Sofia Coppola's swoony critique of Hollywood emptiness trips dangerously close to being a pretty, vacuous nothing.
Like the best fashion campaigns, Sofia Coppola’s film works very hard to sell its product while also just about convincing you that it might actually have some substance threaded in under the wispy, tissue-paper surface. Like the best works of art, it creates a world that very few of its viewers will ever come close to experiencing, but where they will nevertheless feel perfectly at home by its conclusion. There have, of course, been fashion footage and photography that appear reasonable simulacra of art, and would-be films that are like little more than expensive ad campaigns. Somewhere floats uneasily between these worlds, neither wholly honest storytelling nor wholly empty spectacle.
Should I say that Stephen Dorff is a revelation? Perhaps that’s too strong a word. But when an actor who has been lost for years in the wilderness of blink-and-you-missed-them roles is thrown a role like this (where the spacious gaps between lines of dialogue leave him reliant on his face and eyes) and crafts something winningly gentle and touching, notice deserves to be paid. Coppola shuffles him through a short set of claustrophobic locales -- hotel rooms, his car, the occasional hallway -- and watches as the man begins to come unglued.
Johnny Marco is a film star. All we really know is that he’s quite famous: people lining up three-deep outside a hotel just to get a glimpse of him in a limo famous. We don't know much of anything about his movies, but we do know that he's popular enough to be chased, and rich enough to be able to spend days on end in the Chateau Marmont, seemingly paying no attention to where his career might be going.
Lest we think that Johnny is enamored of these trappings, Coppola makes sure to layer him in the accoutrements of the celebrity slacker rebel. His dress is T-shirts and jeans, worn with such insouciant style that he’s runway-ready at all times. Even when forced to slouch into a suit, he looks every inch the matinee idol that one imagines Dorff might have become. Instead, Johnny goes through the motions of publicity on his latest blockbuster, and falls asleep to the strange visions of the exotic dancers he hires to twirl and contort at the foot of his bed. (Their glassy expressions and his utter lack of interest are somehow arresting, a single, welcome note of true strangeness in this fuzzy, muted world.)
His social life is limited but for one-night stands, which might explain the estranged wife, with whom he has an 11-year-old daughter, Cleo (Elle Fanning). Well put together and eager to please, she seems the one thing Johnny and the film care about. Coppola’s camera warms up to Cleo as she fussing about Johnny’s rooms, where in the Marmont or on a junket to Italy. She makes him elaborate meals and they play video games together, eating room-service ice cream late at night when they can’t get to sleep. The trip has the feel of an extended holiday, before Cleo must go off to camp or Johnny to some other film. Like Charlotte in Lost in Translation, Coppola's surprisingly affecting paean to rich people’s trouble with jet lag, Cleo is a searching and clear-eyed heroine in a gauzy, transitional space. At least her search seems more convincing than Johnny’s short, sharp collapse one night, his numbness shattering into a torrent of self-hatred, likely forgotten by the time of the next morning’s prettiness.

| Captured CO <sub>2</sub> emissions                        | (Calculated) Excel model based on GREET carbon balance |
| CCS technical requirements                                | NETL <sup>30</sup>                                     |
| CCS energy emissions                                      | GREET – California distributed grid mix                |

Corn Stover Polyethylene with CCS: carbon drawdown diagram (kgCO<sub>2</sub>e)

There’s no getting around it, this is a pretty film. Harris Savides shoots with the hard-edged but sun-dappled beauty that he used for Noah Baumbach’s Greenberg, another tale of disaffection in the upper echelons of Southern California society (though one certainly more aware of class issues). He and Coppola create scenes that are just barely too perfect for their own good: Johnny and Cleo sunning themselves by a hotel pool surrounded by verdant trees and shimmering water, Johnny viewing L.A. at a remove from his balcony. But Somewhere includes as well some unexpected moments, where the beauty snatches your breath away, as in one long take that is nothing more than Johnny gunning his car onto the highway, the camera behind and slightly above, taking in the buzzing traffic as it shifts and eddies like schools of fish.
We end at the beginning of something, which could be either devastating or transformative. Little has happened since the movie's start, but action is not the point. An appreciative view would take the film as a beautiful rumination on ennui and collapse. A more critical approach would be that this is child-of-Hollywood self-indulgence at its worst. Would we care about these characters were they living behind a strip mall in Fresno and perennially short on the rent? Of course not. Meaning and art might creep in sometimes around the edges of Somewhere's designer-ready compositions and purringly hip soundtrack, but again, they’re not the point.